Hanging with Hafen: Designing to Japan and back

Designing veterinary facilities has taken me around the world—literally. From the sleepy corners of Wyoming to the Australian outback, there's a lesson to be learned from each of these hospitals.
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Mar 21, 2012

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The Country Hospital for Animals in Sheridan, Wyo. Photo courtesy of Mark Hafen, AIA

Last month, I revisited Animal Arts’ first 10 award-winning veterinary hospitals and while their designs were pretty simple, they inspired practice owners to use their buildings as marketing opportunities. With this next group of award winners, from the mid '90s to 2000, you’ll hopefully see the progression of this idea. These next 10 hospitals reflect the veterinary industry turning in a new direction. The industry was growing and we wanted to reach out and show the world what veterinary medicine could be. Our first glass-fronted hospital built in 1995, Clocktower Animal Hospital in Herndon, Va., was followed by a number of hospitals in the late '90s where the prime focus was showing off the practice’s medical expertise.

By the year 2000, we were also seeing the emergence of specialty veterinary hospitals. General practice facilities had basically topped out somewhere below 10 or 12 exam rooms and 10,000 square feet. Specialty hospitals would start at that point and grow almost exponentially. The following hospitals were the beginning of that newer world.

1. All Creatures Animal Hospital in Crescent City, Calif.

Every once in a while we get the opportunity to completely transform a facility and turn it into a practice. All Creatures Animal Hospital in the little town of Crescent City, Calif., began in a small, flat-roofed, concrete shoebox, like many other veterinary hospitals in the '60s. After buying the practice, the new owners wanted to turn the facility into a warm, gentle, small-town veterinary hospital. Amazingly enough, we transformed the building into a multi-gabled, quasi-Victorian cottage-like hospital, complete with a small porch. The waiting area includes a statue of St. Francis, Norman Rockwell prints, and a popcorn machine for the clients (and patients). It was exciting to be part of the transition, and the hospital perfectly represents the doctor’s and the practice’s persona.

2. Animal Hospital of Howard in Green Bay, Wis.

On occasion, veterinary practice management consultant Mark Opperman asked us to help with a practice’s transition. This was the case for the Animal Hospital of Howard. Opperman worked with Dr. Danny Thornburrow and guided him to a more efficient, productive, and profitable practice. As part of that transition, a new facility was required. We worked with the Thornburrows to create an efficient and effective facility, but more importantly we designed a facility that reflected their priorities: an oversized employee lounge and conference room, and treatment and surgery spaces that were visible to the public. Clients got a real kick out of peeking behind the scenes into the medical area of the hospital.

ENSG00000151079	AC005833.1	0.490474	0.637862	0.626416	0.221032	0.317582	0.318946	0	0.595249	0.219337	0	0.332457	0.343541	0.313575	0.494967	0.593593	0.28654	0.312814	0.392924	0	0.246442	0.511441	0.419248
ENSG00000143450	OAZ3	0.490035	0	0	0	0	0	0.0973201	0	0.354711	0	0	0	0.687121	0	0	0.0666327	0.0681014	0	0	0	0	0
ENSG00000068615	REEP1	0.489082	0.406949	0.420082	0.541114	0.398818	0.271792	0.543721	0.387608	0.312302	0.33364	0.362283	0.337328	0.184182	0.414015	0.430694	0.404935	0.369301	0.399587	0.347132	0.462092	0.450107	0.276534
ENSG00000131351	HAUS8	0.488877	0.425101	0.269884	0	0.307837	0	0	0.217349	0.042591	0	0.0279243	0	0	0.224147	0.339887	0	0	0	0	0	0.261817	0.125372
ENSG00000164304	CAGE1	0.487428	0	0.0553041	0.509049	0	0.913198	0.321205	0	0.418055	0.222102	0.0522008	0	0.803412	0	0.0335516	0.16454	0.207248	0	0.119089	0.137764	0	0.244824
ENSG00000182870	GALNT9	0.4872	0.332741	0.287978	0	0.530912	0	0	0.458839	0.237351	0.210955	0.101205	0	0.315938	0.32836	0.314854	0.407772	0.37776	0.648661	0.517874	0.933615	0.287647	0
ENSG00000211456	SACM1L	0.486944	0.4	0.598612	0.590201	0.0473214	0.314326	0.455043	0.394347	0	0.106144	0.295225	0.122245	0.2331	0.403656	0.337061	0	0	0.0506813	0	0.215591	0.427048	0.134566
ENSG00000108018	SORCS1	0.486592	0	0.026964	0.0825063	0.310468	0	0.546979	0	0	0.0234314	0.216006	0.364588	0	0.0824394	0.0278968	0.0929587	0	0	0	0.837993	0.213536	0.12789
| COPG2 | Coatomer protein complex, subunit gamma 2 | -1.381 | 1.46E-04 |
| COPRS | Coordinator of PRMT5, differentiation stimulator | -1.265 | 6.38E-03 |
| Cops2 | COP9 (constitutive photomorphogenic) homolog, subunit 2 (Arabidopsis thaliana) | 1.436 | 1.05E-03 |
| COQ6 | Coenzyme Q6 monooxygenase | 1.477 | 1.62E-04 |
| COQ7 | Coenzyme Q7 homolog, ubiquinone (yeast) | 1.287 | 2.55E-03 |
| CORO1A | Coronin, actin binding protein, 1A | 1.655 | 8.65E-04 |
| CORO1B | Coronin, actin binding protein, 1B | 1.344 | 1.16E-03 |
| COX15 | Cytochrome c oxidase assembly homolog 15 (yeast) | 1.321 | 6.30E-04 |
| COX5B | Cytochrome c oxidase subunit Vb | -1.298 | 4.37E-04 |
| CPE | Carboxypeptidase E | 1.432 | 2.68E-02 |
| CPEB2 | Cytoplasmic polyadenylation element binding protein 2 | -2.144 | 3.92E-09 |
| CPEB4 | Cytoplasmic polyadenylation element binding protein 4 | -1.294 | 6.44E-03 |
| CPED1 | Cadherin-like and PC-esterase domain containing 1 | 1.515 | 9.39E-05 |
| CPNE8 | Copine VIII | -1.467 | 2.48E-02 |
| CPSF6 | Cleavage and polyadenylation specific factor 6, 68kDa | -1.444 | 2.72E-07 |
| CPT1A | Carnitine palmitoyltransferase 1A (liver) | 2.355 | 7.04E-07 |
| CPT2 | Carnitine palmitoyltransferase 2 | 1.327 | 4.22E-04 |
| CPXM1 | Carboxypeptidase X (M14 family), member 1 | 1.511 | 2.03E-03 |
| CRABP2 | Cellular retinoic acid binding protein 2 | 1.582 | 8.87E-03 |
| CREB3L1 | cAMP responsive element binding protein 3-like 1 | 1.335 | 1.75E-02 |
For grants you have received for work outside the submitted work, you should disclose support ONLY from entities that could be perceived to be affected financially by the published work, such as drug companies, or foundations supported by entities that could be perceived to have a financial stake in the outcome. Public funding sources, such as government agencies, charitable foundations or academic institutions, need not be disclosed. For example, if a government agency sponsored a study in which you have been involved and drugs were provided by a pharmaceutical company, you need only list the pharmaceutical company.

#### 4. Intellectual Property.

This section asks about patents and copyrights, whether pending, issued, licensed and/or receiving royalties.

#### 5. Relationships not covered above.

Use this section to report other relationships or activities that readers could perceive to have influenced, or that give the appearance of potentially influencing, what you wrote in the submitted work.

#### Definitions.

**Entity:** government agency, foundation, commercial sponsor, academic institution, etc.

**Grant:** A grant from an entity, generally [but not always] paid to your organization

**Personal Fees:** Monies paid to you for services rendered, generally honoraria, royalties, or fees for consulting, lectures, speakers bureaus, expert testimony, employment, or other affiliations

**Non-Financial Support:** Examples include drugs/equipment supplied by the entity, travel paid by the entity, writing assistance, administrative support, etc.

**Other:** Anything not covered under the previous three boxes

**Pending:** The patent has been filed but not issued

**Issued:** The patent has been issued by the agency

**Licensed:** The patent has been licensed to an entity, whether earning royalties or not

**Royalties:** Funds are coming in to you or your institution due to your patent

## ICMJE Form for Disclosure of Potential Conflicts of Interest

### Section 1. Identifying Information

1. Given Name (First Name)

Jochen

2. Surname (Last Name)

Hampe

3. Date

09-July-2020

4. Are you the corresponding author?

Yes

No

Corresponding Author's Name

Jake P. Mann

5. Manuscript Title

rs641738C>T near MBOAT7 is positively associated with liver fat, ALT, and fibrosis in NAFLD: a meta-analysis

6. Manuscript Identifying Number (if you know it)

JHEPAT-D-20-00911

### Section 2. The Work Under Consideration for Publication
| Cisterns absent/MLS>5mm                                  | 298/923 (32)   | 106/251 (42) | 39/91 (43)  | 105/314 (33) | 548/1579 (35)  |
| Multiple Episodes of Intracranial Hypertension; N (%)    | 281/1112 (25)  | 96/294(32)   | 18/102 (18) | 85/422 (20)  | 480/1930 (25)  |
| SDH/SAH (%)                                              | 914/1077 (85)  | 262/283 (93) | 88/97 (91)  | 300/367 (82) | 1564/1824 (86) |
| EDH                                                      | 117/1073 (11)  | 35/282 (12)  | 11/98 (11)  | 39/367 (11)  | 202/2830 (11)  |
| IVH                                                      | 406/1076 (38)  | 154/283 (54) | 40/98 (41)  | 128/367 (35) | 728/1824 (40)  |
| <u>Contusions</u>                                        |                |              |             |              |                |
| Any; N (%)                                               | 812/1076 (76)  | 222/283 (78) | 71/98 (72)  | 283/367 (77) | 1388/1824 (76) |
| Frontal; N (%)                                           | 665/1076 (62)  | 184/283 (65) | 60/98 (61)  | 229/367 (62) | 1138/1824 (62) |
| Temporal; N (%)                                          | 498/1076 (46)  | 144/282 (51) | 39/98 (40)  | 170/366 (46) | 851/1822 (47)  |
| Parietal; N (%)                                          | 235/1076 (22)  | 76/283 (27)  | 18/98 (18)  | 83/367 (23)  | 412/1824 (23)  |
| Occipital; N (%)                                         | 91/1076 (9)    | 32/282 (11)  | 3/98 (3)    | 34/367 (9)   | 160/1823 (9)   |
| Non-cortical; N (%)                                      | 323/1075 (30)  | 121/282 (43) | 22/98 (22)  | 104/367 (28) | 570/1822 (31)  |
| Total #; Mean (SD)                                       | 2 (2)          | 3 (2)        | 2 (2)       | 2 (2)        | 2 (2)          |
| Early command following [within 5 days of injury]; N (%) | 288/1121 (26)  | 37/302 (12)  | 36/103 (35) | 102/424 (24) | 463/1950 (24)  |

3. Suburban Veterinary Hospital in Dayton, Ohio

The design of Suburban Veterinary Hospital married a vaulted, contemporary, house-like design with an efficient, flat-roofed, state-of-the-art facility. It’s fun looking back on your old designs—this hospital had six exam rooms on each side of an oversized reception desk. This was typical of a lot of the facilities we designed in the '90s. Now I’m not sure we have the luxury of building waiting and reception areas that big.

4. Ku-ring-gai Veterinary Hospital New South Wales, Australia

Designing veterinary facilities has taken us around the world—literally. The Ku-ring-gai Veterinary Hospital in New South Wales, Australia, gave us the opportunity to learn how veterinary medicine is done where the seasons are reversed. It’s not that much different. We have a tendency to think veterinary medicine in the U.S. is the most advanced, but the Ku-ring-gai facility was actually the first large-scale specialty practice we designed. At three stories tall and 15,000 square feet, it was actually larger than most of the veterinary facilities we had designed in the U.S. We went down under to work with the practice owners and learned the value of knocking off early for brews. (The Aussies combine leading-edge specialty medicine with an appreciation for what matters most: specifically a cold beer on a hot afternoon.)

5. The Country Hospital for Animals in Sheridan, Wyo.